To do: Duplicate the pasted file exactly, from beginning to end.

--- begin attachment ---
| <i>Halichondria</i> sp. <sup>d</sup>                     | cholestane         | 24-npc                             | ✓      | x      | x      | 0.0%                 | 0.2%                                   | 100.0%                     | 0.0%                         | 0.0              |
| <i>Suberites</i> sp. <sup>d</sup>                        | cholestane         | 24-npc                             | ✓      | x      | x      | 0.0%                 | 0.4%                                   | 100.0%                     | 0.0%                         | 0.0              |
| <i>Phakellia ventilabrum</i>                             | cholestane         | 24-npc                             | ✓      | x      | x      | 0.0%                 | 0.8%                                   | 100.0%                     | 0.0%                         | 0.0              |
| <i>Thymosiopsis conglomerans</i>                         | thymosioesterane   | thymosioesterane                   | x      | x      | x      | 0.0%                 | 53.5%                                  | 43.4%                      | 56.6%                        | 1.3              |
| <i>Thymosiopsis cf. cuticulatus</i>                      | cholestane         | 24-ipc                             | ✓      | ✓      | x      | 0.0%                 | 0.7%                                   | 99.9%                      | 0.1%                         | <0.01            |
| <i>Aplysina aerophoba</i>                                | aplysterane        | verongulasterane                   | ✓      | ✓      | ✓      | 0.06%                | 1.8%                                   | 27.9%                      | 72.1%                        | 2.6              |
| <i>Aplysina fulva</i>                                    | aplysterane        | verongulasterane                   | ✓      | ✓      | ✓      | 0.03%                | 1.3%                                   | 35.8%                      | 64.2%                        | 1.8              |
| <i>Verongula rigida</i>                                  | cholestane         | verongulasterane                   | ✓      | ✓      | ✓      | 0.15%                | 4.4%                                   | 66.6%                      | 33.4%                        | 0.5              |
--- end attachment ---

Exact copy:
| <i>Halichondria</i> sp. <sup>d</sup>                     | cholestane         | 24-npc                             | ✓      | x      | x      | 0.0%                 | 0.2%                                   | 100.0%                     | 0.0%                         | 0.0              |
| <i>Suberites</i> sp. <sup>d</sup>                        | cholestane         | 24-npc                             | ✓      | x      | x      | 0.0%                 | 0.4%                                   | 100.0%                     | 0.0%                         | 0.0              |
| <i>Phakellia ventilabrum</i>                             | cholestane         | 24-npc                             | ✓      | x      | x      | 0.0%                 | 0.8%                                   | 100.0%                     | 0.0%                         | 0.0              |
| <i>Thymosiopsis conglomerans</i>                         | thymosioesterane   | thymosioesterane                   | x      | x      | x      | 0.0%                 | 53.5%                                  | 43.4%                      | 56.6%                        | 1.3              |
| <i>Thymosiopsis cf. cuticulatus</i>                      | cholestane         | 24-ipc                             | ✓      | ✓      | x      | 0.0%                 | 0.7%                                   | 99.9%                      | 0.1%                         | <0.01            |
| <i>Aplysina aerophoba</i>                                | aplysterane        | verongulasterane                   | ✓      | ✓      | ✓      | 0.06%                | 1.8%                                   | 27.9%                      | 72.1%                        | 2.6              |
| <i>Aplysina fulva</i>                                    | aplysterane        | verongulasterane                   | ✓      | ✓      | ✓      | 0.03%                | 1.3%                                   | 35.8%                      | 64.2%                        | 1.8              |
| <i>Verongula rigida</i>                                  | cholestane         | verongulasterane                   | ✓      | ✓      | ✓      | 0.15%                | 4.4%                                   | 66.6%                      | 33.4%                        | 0.5              |